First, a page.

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A Mormon freighter named Herbert, who worked the area around Fort Thomas, Arizona Territory, was driving a wagon to Globe on March 2, 1890, when five Tonto Apache Indians attacked him some 6 miles north of the fort. It would be Herbert’s last run. 

The renegades murdered him, stole the horses, burned the wagon and cut the telegraph wire. When Col. Benjamin Grierson learned of the ambush, he ordered Lt. Powhatan Clarke, a Medal of Honor recipient who had fought in the Geronimo campaign, to make every effort to capture or destroy the murderers. 

Clarke and a 10-man detachment of buffalo soldiers from Troop K of the 10th Cavalry packed a day’s rations and immediately rode to the site of the ambush. Joining them in the field from the San Carlos Apache Indian Reservation was 10th Cavalry Lt. James Watson with several 4th Cavalry soldiers and Indian scouts.

The scouts discovered hoofprints leading northwest toward the Salt River, so Lts. Clarke and Watson headed their men in that direction. It was tough going. They soon ran low on rations, but a generous rancher donated a cow, coffee and salt to the cause, and then Sergeant Alexander Cheatham arrived with reinforcements and rations after an all-night ride from San Carlos.


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For several days and nights the detachment followed what Grierson called “the rough, broken mountains and plains of Arizona.” After a meandering chase of some 250 miles, the lieutenants and their men picked up the trail of the Apaches on March 7 in Salt River Canyon. To improve their speed over that rough terrain, the fugitives had killed their horses and continued their flight afoot.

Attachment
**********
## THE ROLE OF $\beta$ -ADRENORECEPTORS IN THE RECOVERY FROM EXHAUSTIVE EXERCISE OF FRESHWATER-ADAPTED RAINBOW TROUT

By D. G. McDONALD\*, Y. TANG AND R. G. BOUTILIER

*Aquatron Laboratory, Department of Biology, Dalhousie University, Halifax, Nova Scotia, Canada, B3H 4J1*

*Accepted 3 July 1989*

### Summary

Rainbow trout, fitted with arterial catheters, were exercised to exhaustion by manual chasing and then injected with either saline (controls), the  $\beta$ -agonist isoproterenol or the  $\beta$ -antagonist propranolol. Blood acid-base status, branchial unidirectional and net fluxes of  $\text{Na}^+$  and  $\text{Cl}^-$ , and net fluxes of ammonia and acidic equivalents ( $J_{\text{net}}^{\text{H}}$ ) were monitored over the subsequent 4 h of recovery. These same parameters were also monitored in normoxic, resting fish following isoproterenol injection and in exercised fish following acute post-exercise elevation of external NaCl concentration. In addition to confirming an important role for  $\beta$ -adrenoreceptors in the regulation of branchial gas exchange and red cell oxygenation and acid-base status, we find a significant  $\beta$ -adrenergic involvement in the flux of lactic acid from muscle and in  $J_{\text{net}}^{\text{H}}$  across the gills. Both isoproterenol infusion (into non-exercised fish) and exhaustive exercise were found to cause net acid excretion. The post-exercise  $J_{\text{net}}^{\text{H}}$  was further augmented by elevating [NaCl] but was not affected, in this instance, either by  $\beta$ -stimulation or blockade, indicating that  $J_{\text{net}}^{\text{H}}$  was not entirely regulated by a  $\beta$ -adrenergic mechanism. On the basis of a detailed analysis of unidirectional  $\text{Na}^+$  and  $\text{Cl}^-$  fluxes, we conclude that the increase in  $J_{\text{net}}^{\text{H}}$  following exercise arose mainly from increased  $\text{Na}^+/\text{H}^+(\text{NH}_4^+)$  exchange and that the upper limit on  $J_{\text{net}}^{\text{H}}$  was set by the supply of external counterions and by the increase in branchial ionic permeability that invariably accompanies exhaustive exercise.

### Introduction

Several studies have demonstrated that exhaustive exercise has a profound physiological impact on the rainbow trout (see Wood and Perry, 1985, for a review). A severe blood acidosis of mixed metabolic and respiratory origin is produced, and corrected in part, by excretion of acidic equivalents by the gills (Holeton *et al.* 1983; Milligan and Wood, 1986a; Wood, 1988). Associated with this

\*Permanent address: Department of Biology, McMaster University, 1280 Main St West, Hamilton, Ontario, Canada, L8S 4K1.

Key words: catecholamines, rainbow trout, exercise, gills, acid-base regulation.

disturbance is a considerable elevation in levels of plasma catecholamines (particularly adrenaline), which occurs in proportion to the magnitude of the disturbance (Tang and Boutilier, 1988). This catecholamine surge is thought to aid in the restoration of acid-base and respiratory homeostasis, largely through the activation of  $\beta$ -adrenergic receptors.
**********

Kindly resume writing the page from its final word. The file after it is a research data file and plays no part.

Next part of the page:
The officers ordered their Indian scouts to likewise dismount, forge ahead and try to catch the Tontos. The scouts did just that and soon exchanged rifle shots with the renegades. The combined force of scouts and soldiers finally cornered the fugitives amid a  tangle of boulders near the mouth of Cherry Creek, forcing their retreat under heavy fire into a shallow cave. In the exchange one of the Tontos took a bullet to the right eye.

Clarke and a party of scouts and soldiers rushed the cave entrance, only to be met with a fusillade of bullets, one of which passed through the lieutenant’s hat. Indian scout Sgt. Rowdy mortally wounded the shooter. Meanwhile, Sgt. William McBryar put on a fine display of marksmanship by firing at a rock near the cave entrance to splatter the holdouts with lead and splintered rock. 

The troopers and scouts were preparing to charge when the surviving fugitives surrendered. Among them was El-chees-choos, considered a troublemaker at San Carlos.

Sgts. Rowdy and McBryar each received the Medal of Honor for their roles in what is often referred to as the Cherry Creek campaign. They were the last MOH recipients of the Apache wars. In a report to his superiors Grierson called the action “one of the most brilliant affairs of its kind” and praised “Lts. Watson and Clarke and the troops under their command for the persistent pursuit and complete success.”